Impact of an mHealth supported healthy lifestyle intervention on behavioural stage of change in overweight and obese pregnancy

Type Article

Journal Article


K. Ainscough; M. Kennelly; K. L. Lindsay; E. J. O'Sullivan; F. M. McAuliffe

Year of publication



Proceedings of the Nutrition Society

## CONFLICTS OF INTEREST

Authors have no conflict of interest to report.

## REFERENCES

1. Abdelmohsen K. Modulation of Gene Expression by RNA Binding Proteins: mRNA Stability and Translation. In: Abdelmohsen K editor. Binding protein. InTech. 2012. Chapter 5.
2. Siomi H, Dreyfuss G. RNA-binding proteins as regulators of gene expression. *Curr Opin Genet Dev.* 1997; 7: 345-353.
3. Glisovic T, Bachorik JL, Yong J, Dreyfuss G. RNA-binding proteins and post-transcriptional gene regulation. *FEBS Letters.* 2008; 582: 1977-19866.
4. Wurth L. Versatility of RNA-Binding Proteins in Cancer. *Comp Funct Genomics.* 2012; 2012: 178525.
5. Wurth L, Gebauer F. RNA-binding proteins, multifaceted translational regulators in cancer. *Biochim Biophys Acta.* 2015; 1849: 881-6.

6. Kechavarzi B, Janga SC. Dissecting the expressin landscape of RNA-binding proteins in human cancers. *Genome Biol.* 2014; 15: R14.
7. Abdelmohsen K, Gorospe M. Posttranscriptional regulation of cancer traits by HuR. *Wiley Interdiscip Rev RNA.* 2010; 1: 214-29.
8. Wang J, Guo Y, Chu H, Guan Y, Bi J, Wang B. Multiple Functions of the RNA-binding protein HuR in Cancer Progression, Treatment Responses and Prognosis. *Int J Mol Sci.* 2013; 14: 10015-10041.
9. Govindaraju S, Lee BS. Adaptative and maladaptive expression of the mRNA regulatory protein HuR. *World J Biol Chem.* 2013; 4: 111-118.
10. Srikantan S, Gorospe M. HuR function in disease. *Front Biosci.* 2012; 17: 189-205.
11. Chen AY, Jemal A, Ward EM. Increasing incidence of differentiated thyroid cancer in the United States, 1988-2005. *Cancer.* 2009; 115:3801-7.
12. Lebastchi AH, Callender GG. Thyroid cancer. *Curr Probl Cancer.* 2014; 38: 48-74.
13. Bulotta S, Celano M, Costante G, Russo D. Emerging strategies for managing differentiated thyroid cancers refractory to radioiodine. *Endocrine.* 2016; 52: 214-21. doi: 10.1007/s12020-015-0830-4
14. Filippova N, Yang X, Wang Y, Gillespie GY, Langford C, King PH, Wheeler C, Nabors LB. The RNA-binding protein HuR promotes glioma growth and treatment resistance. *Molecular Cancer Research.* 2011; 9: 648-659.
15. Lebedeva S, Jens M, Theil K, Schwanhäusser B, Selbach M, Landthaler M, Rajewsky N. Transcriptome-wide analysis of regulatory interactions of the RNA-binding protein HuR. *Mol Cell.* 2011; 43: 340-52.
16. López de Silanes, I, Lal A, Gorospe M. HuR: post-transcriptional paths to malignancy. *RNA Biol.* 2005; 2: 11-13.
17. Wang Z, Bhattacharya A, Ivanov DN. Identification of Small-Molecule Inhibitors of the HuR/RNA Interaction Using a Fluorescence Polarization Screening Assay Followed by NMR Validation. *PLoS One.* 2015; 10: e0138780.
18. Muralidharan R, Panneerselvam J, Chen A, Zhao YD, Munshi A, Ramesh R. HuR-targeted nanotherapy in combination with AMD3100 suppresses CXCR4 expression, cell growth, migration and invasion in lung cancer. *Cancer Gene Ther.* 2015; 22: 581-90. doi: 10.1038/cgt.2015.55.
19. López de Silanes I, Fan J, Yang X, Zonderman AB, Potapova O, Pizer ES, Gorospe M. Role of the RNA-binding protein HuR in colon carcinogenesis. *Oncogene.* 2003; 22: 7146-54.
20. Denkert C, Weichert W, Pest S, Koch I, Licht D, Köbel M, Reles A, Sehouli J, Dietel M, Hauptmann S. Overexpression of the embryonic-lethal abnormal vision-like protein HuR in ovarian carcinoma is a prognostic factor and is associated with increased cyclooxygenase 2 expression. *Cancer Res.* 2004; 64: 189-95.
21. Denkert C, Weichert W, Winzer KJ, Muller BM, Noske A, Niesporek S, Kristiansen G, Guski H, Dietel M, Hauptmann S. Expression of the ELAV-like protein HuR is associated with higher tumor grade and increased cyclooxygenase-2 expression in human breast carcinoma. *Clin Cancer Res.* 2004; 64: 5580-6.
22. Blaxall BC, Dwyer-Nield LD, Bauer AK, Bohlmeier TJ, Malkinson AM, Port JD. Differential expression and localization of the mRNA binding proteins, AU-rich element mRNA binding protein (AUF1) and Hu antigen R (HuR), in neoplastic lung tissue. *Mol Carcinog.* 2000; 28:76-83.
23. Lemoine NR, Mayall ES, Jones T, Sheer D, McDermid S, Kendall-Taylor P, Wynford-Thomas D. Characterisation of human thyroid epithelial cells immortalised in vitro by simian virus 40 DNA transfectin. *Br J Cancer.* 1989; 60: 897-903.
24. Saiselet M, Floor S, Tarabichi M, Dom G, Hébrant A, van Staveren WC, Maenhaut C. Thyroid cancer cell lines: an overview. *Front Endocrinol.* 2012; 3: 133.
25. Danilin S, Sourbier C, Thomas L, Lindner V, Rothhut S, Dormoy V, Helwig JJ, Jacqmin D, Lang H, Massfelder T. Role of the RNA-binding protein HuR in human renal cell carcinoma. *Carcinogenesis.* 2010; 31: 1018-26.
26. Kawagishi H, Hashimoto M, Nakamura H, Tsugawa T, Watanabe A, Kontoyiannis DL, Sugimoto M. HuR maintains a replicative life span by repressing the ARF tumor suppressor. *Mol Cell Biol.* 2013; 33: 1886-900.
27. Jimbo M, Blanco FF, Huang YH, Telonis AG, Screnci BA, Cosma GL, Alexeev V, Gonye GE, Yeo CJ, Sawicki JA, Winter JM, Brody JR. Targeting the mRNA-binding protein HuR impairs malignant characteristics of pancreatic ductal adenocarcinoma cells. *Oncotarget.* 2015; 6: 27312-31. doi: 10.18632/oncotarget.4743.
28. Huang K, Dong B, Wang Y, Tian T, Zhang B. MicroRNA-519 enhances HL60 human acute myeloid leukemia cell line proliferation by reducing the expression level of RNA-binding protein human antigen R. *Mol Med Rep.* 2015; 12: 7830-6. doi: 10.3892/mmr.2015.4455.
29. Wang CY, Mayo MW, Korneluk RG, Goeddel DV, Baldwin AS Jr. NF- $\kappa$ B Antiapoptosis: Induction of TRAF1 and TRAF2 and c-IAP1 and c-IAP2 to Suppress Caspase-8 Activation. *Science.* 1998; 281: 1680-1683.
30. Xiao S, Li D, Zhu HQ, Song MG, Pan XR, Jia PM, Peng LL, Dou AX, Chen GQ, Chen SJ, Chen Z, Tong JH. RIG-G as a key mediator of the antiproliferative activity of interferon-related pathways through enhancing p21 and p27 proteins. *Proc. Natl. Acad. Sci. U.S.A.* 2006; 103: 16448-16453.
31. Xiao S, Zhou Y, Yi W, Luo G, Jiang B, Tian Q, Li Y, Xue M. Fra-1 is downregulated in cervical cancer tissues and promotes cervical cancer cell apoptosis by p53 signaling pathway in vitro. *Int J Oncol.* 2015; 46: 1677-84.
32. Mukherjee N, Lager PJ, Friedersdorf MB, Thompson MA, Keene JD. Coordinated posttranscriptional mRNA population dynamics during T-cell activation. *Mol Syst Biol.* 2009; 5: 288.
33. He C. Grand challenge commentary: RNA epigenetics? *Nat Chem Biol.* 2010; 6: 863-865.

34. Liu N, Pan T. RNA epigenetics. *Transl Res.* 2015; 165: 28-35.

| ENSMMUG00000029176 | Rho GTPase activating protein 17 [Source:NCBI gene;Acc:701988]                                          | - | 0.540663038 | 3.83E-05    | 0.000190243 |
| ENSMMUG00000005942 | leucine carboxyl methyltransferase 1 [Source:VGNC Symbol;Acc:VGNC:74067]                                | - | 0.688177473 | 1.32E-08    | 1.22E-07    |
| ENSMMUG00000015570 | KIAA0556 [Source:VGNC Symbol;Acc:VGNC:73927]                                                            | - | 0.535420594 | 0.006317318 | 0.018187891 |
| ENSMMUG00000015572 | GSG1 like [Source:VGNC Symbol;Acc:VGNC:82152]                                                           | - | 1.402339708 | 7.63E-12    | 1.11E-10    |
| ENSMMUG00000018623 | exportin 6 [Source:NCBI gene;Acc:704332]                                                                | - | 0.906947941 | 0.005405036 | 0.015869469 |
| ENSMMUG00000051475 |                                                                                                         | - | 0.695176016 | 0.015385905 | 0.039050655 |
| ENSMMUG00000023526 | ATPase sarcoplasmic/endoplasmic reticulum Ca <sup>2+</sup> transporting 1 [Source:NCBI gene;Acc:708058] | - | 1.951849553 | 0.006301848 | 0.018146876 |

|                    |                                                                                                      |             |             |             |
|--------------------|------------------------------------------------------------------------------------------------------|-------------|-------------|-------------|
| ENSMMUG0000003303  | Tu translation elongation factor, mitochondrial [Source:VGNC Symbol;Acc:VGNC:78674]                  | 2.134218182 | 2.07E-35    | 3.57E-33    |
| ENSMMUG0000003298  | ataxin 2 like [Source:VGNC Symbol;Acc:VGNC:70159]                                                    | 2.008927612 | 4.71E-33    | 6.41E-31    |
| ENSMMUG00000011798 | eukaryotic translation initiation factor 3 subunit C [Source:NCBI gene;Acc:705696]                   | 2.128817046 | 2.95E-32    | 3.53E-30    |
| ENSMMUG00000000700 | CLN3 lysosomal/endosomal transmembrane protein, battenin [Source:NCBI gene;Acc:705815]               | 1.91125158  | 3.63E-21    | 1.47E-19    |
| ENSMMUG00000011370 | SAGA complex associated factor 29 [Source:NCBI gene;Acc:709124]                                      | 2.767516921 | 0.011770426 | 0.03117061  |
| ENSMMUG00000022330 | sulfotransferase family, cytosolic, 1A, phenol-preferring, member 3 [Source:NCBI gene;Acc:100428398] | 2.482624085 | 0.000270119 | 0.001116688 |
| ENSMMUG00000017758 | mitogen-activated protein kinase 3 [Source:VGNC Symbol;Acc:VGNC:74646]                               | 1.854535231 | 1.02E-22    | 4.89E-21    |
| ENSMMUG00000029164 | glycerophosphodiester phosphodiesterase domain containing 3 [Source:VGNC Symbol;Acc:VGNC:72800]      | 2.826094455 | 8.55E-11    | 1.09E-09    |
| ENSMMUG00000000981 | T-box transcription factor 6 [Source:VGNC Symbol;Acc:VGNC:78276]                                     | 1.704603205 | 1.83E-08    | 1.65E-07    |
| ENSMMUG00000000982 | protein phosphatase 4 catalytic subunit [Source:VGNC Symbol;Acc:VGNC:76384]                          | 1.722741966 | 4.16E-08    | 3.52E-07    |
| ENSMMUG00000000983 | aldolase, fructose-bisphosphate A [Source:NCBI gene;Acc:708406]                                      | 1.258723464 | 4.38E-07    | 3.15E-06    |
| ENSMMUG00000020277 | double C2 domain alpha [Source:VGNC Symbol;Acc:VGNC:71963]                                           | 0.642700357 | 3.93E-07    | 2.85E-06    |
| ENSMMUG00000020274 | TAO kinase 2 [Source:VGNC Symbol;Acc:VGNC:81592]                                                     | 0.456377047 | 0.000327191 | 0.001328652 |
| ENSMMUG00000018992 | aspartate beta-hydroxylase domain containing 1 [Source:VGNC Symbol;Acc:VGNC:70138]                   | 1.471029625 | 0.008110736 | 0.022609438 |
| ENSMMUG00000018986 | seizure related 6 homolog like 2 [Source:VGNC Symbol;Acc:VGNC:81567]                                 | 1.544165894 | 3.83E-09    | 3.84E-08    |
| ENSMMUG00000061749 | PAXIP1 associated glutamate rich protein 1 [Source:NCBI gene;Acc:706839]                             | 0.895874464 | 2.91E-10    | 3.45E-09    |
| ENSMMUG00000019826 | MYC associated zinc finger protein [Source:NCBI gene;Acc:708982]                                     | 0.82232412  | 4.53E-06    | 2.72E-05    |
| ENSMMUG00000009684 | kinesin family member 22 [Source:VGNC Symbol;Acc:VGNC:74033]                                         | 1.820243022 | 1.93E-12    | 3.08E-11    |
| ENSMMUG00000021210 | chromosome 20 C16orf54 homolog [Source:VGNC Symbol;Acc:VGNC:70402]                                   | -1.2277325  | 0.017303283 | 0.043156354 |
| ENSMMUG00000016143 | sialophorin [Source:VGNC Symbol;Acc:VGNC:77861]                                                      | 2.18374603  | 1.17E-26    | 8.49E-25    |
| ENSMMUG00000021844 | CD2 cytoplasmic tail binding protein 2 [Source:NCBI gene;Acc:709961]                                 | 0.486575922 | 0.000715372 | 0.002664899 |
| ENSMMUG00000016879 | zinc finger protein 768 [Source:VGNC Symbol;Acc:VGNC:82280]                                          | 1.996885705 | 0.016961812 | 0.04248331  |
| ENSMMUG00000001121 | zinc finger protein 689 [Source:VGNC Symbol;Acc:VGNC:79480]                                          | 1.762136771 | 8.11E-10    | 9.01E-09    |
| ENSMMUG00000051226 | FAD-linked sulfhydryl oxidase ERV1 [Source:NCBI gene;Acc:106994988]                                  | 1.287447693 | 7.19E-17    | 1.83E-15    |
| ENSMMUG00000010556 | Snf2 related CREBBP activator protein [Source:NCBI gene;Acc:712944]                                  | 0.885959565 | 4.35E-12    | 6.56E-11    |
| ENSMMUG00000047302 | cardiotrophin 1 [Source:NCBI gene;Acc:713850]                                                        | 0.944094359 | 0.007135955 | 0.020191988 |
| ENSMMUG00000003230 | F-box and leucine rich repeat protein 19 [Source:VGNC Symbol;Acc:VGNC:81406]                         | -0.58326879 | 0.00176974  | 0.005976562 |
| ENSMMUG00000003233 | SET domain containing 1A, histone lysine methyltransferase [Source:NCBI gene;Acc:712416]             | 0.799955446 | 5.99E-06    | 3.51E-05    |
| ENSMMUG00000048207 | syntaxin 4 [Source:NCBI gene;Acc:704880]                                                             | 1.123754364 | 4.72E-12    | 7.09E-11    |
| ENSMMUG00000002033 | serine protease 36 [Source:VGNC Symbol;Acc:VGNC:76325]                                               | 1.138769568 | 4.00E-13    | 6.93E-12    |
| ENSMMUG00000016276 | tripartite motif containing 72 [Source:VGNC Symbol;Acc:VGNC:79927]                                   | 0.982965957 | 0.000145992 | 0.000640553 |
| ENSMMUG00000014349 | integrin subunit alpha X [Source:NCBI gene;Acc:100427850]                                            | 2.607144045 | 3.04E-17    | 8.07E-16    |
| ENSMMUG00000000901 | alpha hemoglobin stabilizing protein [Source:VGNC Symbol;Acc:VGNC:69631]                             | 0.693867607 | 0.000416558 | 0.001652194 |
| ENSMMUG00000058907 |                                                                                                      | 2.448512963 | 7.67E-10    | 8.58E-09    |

Overweight and obesity in pregnancy significantly increases the risk of adverse maternal and infant health outcomes(1). Overweight and obese women often report poor motivation and low self‐efficacy(2) as barriers to positive health behaviour change. Mobile health (mHealth) technologies offer significant potential to support lifestyle interventions through delivery of behaviour change techniques and remote, consistent engagement with intervention content(3). However, there is a paucity of published studies examining the effectiveness of mHealth applications in pregnancy(4). The aim of this study is to investigate the influence of a smartphone app‐supported antenatal healthy lifestyle intervention on behavioural stage of change among overweight and obese pregnant women. In this randomised controlled trial(5) werecruited and randomised overweight and obesewomen (body mass index≥25 and < 40 kg/m2) in early pregnancy (mean gestational age = 15weeks). The control group (n = 98) received routine antenatal care, which currently offers no consistent diet or lifestyle advice. The intervention group (n = 106) received a healthy lifestyle package consisting of individualised nutrition counselling and exercise advice, supported by a smartphone app which included a database of healthy recipes, nutrition and exercise tips and motivational messages. Behavioural stage‐of‐change score (1‐5; 1 = Pre‐contemplation, 2 = Contemplation, 3 = Preparation, 4 = Action, 5 = Maintenance) was measured at baseline and in late pregnancy (28 weeks) using a questionnaire developed from the Transtheoretical Model,(6) which assesses 'readiness' to engage in new or change existing lifestyle behaviours. At baseline, there were no significant differences between intervention and control groups for demographic characteristics (data not shown) or distribution across stage of change category (Χ2 = 6·2, P = 0·19). From baseline to 28 weeks, a shift in stage‐of‐change score distribution was observed for both groups (Fig. 1 & Fig. 2), which was more significant for the intervention group (P < 0·001 versus P = 0·032). At 28 weeks, a significantly higher proportion of the intervention group were at stage 5 (52·8 %) versus the control group (32·7 %), (Χ2 = 8·4, P = 0·004). Overweight and obese women enter pregnancy prepared to make positive health behaviour changes (stage 2‐3, Figure 1). This mHealth‐supported behavioural intervention assisted women in transitioning from contemplation/preparation to maintenance stage of healthy lifestyle behaviours in pregnancy (stage 5, Figure 2). If sustained, this change has potential for a positive impact on pregnancy outcome and long‐term health behaviours for mother and child.